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Tota Meah Chowdhury and ors. Vs. Emperor - Court Judgment

LegalCrystal Citation
SubjectCivil
CourtKolkata
Decided On
Reported inAIR1929Cal298
AppellantTota Meah Chowdhury and ors.
RespondentEmperor
Excerpt:
- .....way in which pachu met his death.4. that is in the simplest terms the case of either side.5. the learned judge has devoted a good deal of labour and time to a description of the case for the prosecution and the case for the defence. he has gone through the documentary and oral evidence and has endeavoured as best as he could to put the case of either side forcibly and clearly to the jury and we have in this appeal been invited to interfere with the unanimous verdict of the jury because of some nine objections which have been very ably urged by mr. fazlul huq on behalf of the appellants. i propose quite shortly to go through each of those objections and to state my view upon them.6. i should have mentioned that the jury found accused 1 . guilty in respect of pachu's injury under section.....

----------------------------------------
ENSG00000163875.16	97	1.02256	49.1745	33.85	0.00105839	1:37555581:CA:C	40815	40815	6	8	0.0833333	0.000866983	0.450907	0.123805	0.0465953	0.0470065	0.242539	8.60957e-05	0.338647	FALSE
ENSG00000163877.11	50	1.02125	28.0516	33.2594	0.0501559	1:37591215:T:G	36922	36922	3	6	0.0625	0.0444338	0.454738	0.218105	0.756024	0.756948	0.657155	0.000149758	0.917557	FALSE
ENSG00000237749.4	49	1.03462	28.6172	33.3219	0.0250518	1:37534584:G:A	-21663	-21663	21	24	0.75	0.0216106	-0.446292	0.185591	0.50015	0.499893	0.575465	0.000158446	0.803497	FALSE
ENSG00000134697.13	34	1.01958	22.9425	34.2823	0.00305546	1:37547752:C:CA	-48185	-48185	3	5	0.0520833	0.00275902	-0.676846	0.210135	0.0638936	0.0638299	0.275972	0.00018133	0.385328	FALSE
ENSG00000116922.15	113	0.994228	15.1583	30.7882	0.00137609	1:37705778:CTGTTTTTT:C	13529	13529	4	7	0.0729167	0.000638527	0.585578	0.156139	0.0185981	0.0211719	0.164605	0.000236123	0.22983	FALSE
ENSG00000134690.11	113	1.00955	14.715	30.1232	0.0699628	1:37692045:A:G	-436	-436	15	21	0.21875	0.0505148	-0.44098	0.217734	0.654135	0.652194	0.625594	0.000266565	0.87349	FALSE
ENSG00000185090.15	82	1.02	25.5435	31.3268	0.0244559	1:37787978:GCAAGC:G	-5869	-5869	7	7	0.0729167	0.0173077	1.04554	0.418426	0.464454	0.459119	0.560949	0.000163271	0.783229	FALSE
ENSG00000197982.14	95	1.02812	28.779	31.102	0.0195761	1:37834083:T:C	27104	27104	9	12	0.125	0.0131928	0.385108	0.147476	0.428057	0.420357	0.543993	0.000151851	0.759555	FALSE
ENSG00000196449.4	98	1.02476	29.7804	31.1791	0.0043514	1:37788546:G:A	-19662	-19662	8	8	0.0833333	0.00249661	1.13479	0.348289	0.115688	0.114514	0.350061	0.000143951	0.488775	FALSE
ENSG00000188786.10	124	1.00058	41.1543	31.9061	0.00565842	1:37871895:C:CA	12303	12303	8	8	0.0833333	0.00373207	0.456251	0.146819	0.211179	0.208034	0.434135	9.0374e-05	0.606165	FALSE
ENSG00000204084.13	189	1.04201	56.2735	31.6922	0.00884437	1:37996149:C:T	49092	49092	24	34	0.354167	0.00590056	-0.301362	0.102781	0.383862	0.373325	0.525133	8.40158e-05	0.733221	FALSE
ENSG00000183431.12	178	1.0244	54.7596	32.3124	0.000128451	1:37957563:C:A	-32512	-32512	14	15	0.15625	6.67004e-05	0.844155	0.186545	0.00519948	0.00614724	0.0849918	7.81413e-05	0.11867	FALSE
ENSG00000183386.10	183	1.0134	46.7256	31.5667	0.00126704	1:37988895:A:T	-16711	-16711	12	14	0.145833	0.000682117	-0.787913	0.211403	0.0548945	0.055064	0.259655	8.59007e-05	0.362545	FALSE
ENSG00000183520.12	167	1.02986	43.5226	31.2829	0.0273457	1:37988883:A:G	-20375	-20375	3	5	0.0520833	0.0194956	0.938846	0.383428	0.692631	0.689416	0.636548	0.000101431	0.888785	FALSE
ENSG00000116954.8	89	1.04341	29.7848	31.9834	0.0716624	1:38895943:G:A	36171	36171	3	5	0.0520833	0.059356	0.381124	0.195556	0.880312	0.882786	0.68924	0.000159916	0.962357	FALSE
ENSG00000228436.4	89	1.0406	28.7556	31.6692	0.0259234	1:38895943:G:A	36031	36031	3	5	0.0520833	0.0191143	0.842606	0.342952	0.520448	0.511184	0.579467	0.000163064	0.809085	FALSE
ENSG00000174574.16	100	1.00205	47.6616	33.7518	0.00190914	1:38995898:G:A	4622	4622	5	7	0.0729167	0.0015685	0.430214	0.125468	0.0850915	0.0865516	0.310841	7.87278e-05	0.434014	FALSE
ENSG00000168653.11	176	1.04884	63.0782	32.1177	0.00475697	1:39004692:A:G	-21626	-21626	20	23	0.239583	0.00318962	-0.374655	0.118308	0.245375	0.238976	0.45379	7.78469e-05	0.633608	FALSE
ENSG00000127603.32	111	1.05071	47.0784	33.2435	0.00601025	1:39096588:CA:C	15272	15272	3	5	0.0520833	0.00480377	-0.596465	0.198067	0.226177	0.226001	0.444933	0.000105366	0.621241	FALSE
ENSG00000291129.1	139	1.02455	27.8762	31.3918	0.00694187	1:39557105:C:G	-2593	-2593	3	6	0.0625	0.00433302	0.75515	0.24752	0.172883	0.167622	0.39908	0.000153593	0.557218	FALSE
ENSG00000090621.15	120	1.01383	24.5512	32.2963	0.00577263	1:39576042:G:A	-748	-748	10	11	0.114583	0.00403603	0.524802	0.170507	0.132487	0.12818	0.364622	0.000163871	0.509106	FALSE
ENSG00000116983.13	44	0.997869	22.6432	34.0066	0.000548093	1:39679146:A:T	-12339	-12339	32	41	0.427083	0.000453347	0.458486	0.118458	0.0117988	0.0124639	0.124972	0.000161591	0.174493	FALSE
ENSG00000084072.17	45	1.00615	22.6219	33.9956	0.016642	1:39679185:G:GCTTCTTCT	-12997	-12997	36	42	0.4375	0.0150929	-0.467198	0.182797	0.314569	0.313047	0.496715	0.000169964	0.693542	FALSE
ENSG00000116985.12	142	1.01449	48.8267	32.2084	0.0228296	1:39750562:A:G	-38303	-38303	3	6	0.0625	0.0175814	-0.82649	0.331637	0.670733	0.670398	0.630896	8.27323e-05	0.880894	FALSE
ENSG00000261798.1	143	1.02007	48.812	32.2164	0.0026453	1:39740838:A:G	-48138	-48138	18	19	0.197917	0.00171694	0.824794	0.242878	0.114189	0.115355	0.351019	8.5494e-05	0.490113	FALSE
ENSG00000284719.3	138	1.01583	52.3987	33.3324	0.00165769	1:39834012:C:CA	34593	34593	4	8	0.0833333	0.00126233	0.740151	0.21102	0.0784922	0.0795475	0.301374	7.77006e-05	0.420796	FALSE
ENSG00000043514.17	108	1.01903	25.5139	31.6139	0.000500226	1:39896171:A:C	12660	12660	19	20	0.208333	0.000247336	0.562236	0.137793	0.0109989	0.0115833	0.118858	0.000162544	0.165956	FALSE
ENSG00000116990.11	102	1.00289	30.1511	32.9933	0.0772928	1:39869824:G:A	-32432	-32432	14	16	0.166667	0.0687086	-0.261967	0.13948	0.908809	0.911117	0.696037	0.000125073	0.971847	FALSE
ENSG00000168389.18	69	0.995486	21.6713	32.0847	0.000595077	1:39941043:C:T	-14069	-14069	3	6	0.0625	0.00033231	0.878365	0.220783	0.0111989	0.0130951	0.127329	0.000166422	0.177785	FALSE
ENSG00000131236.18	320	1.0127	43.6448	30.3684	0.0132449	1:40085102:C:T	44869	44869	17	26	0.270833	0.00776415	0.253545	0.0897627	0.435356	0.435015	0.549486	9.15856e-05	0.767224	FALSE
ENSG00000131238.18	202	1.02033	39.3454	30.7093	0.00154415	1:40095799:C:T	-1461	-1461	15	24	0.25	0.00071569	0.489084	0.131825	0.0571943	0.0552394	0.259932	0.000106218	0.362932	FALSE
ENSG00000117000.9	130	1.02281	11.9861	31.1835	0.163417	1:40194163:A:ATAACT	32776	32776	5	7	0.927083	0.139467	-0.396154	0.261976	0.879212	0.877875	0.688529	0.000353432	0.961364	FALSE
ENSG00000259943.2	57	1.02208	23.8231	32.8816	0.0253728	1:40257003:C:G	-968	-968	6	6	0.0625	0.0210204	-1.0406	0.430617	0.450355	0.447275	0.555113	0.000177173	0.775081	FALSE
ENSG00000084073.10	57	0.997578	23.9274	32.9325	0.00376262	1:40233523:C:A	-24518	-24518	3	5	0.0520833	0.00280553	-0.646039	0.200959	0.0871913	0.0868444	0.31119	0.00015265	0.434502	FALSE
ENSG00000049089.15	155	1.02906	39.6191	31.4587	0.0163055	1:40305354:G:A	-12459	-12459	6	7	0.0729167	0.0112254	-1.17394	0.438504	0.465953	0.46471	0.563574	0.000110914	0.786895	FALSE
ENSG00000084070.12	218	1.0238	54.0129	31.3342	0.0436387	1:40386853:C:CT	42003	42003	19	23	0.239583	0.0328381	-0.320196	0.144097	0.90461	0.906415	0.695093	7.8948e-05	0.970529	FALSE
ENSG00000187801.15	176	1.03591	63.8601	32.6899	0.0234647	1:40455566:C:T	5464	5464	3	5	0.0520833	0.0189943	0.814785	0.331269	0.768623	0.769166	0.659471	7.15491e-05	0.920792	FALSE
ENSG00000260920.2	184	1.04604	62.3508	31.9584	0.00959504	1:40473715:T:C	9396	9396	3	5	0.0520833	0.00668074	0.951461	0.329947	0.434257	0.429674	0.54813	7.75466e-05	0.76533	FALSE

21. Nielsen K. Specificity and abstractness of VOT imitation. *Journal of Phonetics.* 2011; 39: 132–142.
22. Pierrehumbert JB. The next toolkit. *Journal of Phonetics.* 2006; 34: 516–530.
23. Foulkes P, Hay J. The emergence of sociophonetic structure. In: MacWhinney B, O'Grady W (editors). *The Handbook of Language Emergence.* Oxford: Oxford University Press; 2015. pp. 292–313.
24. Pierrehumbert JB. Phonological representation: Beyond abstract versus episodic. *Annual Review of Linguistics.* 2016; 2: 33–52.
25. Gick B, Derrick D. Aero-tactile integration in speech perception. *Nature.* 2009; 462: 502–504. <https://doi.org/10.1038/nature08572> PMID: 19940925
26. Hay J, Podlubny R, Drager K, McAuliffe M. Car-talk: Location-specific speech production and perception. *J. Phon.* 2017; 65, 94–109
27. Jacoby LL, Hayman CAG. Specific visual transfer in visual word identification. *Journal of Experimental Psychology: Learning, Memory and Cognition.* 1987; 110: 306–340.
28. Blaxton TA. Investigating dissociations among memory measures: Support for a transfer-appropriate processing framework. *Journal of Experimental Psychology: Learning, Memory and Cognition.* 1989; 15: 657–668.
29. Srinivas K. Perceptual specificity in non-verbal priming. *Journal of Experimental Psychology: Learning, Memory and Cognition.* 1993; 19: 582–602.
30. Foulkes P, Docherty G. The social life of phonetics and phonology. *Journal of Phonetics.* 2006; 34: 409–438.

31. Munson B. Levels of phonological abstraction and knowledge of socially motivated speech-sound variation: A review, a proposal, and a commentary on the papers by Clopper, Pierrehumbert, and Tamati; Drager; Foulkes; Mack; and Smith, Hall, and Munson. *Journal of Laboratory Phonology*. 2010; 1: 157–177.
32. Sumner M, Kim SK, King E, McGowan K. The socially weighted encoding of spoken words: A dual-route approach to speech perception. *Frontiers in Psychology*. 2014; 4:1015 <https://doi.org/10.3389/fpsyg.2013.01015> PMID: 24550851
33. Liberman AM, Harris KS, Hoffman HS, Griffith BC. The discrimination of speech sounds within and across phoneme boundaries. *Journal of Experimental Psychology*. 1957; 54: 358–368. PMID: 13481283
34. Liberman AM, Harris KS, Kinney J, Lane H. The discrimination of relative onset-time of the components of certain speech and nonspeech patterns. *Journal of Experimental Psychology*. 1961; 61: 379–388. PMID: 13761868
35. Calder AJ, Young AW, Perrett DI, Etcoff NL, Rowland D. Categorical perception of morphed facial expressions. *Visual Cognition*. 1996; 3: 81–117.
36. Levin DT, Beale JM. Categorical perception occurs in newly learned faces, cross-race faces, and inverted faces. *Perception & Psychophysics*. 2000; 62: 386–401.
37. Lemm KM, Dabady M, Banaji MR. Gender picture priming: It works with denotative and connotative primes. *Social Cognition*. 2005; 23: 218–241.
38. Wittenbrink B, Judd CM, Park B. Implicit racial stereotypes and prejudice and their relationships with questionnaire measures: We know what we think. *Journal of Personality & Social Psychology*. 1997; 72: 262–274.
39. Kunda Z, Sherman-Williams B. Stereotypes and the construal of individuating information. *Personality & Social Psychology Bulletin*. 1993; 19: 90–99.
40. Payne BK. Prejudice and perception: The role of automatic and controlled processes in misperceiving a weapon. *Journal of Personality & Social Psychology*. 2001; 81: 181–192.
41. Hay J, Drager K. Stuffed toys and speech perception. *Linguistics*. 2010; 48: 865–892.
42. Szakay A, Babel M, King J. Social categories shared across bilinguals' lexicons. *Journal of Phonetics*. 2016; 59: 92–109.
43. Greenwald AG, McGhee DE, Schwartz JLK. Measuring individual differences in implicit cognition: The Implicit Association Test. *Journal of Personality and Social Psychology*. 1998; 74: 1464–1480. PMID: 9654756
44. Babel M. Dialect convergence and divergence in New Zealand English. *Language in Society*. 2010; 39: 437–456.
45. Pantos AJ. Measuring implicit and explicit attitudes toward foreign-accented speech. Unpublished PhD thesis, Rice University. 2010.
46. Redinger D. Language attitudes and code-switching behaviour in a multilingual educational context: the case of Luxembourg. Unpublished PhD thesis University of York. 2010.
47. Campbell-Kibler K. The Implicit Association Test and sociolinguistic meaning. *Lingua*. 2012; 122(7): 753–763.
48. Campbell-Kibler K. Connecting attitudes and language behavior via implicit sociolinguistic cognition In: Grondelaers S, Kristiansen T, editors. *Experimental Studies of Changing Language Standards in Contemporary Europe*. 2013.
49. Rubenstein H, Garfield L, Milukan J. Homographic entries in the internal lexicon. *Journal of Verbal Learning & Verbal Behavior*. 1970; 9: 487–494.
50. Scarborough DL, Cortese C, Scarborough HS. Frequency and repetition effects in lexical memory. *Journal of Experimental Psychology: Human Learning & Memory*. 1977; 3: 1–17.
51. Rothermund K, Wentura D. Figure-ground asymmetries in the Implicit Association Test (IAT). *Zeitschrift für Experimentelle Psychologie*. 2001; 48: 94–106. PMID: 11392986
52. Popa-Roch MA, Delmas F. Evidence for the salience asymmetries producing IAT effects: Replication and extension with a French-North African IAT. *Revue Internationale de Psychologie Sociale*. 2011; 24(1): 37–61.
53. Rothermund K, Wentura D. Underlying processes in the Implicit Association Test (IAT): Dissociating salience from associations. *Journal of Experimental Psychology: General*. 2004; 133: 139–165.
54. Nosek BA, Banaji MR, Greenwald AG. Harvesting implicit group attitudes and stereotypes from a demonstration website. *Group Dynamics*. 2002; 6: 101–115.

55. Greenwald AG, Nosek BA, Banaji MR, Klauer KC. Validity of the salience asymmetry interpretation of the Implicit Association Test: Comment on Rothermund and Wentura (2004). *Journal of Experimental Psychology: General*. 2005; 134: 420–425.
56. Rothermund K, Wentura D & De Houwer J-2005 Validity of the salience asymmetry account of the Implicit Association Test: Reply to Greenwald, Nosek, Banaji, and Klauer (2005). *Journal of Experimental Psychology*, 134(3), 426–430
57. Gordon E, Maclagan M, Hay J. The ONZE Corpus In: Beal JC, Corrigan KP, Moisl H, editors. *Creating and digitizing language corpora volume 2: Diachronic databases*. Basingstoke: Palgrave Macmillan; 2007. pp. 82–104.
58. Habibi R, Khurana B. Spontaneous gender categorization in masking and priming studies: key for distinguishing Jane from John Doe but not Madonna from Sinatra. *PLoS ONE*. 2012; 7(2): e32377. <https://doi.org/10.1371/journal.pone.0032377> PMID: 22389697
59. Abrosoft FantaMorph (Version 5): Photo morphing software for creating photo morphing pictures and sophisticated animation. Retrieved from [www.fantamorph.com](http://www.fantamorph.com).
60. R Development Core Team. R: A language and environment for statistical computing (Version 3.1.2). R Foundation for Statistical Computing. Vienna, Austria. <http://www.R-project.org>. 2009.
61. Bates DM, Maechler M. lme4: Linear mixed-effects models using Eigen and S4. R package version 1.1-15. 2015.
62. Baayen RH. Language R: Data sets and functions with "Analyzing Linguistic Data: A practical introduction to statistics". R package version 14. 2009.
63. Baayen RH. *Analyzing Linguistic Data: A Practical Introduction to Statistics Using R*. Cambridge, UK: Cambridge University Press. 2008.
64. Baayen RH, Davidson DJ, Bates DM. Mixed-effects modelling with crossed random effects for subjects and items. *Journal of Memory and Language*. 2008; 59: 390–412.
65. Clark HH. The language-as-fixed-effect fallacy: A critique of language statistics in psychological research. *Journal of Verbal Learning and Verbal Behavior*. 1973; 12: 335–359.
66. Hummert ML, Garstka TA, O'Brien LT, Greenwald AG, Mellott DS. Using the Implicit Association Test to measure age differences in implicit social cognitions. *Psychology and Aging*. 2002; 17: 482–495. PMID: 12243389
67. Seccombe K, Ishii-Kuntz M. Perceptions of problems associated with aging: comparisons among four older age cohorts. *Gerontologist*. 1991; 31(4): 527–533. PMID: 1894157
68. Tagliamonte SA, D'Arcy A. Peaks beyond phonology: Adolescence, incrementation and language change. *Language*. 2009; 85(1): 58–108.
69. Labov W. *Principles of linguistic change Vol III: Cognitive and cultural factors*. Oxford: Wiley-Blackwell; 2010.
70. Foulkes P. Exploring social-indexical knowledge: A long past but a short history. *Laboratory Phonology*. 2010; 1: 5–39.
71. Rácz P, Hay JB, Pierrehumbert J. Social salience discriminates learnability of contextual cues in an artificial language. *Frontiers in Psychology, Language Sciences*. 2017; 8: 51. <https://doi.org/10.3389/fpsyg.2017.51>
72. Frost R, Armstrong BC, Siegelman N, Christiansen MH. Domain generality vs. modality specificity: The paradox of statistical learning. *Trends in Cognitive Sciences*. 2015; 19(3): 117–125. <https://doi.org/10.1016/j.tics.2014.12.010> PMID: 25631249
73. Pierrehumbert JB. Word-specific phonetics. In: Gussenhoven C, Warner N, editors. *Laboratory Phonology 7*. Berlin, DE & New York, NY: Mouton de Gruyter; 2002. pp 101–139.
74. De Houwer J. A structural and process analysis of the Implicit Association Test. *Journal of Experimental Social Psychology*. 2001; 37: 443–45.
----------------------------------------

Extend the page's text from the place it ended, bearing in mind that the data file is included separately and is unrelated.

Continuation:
Judgment:

Rankin, C.J.

1. In this case ten persons were put upon their trial in connexion with a riot of a familiar type. The complainant Nidon Nath makes the case that on 6th November, 1927, he and certain relations went to cut paddy from plot 273 when the accused armed with lathis (except Mahatab who had a pointed mooli and accused 1 Tota Meah Chowdhury who was carrying a stick) came and objected to the cutting of the paddy. The case is that after the accused Yakub had seized the sickle from Nidon and Moizuddin had seized the sickle from another person of the complainant's party they began beating Nidon ; that one Pachikul Huq or Pachu came up and reproved the accused ; whereupon Tota Meah Chowdhury, accused 1. who was coming up from the rear ordered his son Mahatab, accused 2, to kill Pachu ; and that thereupon Mahatab drove the mooli he held into the stomach of Pachu near the navel, in consequence of which injury the man afterwards died.